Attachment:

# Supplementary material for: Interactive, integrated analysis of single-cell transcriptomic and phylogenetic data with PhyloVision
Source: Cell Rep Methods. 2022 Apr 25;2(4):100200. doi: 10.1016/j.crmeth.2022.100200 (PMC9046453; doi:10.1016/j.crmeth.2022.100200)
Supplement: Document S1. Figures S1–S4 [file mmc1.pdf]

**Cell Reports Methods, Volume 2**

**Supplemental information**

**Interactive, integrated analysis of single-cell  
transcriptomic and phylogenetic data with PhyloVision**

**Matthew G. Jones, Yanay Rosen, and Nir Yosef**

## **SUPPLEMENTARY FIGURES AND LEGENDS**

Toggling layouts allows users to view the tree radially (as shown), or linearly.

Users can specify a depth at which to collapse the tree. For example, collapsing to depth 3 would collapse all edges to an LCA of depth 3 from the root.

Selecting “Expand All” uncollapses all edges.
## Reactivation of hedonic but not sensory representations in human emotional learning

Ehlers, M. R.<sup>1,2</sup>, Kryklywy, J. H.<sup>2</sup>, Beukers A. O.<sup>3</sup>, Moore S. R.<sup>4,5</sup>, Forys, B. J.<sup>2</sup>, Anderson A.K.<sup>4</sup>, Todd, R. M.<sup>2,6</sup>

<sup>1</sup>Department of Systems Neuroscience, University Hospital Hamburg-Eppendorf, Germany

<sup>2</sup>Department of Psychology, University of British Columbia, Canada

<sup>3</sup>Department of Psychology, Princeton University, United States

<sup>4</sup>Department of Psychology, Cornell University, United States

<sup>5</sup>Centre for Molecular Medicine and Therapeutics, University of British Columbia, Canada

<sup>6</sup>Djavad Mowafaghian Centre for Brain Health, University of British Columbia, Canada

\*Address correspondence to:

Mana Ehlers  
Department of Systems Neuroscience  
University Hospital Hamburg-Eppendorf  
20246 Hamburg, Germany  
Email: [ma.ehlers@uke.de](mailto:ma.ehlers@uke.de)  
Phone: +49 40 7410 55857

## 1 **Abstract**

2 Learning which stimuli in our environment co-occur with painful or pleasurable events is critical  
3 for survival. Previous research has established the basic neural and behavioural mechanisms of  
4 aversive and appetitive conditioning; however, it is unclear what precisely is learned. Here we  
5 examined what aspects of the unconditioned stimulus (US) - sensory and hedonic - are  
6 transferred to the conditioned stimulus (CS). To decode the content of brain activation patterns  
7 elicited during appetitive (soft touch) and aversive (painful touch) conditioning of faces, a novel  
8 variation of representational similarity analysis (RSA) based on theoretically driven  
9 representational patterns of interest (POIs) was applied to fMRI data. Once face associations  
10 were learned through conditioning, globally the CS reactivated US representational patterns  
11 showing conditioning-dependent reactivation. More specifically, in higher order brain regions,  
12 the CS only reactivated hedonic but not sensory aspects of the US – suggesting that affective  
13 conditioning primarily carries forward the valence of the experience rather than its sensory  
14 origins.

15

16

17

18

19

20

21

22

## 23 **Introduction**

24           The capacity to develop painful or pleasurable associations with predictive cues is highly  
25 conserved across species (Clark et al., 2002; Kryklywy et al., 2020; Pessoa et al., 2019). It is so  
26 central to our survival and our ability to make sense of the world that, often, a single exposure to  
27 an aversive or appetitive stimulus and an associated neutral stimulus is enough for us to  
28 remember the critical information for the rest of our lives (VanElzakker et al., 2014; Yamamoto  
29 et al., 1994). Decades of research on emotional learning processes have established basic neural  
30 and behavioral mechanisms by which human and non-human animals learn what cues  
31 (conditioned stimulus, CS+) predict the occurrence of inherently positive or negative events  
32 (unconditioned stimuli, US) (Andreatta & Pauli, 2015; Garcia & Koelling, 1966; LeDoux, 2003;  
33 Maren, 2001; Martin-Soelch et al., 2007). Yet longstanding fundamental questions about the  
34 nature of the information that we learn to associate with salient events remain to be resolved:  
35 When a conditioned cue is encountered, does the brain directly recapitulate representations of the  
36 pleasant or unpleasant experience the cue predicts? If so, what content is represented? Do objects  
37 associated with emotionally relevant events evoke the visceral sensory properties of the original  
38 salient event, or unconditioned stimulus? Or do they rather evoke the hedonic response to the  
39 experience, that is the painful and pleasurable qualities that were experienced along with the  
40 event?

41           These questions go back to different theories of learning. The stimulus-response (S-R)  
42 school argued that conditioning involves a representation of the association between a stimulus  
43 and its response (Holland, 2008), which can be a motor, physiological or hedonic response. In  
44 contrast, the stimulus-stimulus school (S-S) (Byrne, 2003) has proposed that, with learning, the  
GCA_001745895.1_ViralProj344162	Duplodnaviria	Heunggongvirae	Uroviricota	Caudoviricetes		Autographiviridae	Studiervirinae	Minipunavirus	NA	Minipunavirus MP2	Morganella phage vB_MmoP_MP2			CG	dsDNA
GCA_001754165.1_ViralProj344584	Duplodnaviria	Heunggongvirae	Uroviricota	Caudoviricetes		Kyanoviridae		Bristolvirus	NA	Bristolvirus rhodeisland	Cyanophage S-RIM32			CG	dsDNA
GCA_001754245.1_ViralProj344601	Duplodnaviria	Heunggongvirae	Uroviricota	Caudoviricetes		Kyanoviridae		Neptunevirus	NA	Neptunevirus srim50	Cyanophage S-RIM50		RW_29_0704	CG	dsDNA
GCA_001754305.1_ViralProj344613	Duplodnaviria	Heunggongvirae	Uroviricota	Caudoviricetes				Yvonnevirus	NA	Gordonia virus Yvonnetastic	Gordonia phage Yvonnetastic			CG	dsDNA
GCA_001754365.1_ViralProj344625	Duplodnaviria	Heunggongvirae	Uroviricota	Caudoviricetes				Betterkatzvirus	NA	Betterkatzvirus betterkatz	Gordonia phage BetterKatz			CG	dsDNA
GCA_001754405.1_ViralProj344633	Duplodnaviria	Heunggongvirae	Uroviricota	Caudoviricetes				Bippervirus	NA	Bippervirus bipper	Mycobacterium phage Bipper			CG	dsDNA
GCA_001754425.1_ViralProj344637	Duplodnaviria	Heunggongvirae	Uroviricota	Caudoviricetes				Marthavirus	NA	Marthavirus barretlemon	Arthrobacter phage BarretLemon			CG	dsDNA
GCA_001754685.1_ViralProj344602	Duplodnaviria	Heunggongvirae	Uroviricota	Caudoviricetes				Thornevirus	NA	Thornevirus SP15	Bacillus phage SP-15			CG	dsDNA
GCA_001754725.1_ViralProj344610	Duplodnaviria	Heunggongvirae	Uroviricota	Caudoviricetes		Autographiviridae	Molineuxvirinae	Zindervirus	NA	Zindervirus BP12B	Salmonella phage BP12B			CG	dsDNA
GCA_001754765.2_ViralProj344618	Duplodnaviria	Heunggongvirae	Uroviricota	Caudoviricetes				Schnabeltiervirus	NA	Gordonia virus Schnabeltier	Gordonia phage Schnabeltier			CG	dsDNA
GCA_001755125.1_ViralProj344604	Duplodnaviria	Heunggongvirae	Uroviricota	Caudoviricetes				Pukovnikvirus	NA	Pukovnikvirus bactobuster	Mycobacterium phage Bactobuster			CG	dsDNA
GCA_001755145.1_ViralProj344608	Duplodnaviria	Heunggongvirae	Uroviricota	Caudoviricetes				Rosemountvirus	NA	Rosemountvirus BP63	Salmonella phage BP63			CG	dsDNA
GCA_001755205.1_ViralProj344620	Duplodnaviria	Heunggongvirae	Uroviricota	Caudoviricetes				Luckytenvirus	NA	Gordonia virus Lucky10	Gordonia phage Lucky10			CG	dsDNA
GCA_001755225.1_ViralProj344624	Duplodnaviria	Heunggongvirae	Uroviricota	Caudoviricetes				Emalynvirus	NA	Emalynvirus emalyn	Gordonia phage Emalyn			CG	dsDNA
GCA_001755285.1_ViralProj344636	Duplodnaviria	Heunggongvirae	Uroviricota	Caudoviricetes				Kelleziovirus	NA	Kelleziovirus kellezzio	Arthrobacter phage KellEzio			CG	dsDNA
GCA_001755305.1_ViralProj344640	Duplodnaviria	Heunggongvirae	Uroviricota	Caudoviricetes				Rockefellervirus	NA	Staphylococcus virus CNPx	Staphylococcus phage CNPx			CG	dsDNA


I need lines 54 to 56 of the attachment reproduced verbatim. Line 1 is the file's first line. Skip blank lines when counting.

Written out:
27 an aversive or appetitive stimulus and an associated neutral stimulus is enough for us to  
28 remember the critical information for the rest of our lives (VanElzakker et al., 2014; Yamamoto  
29 et al., 1994). Decades of research on emotional learning processes have established basic neural  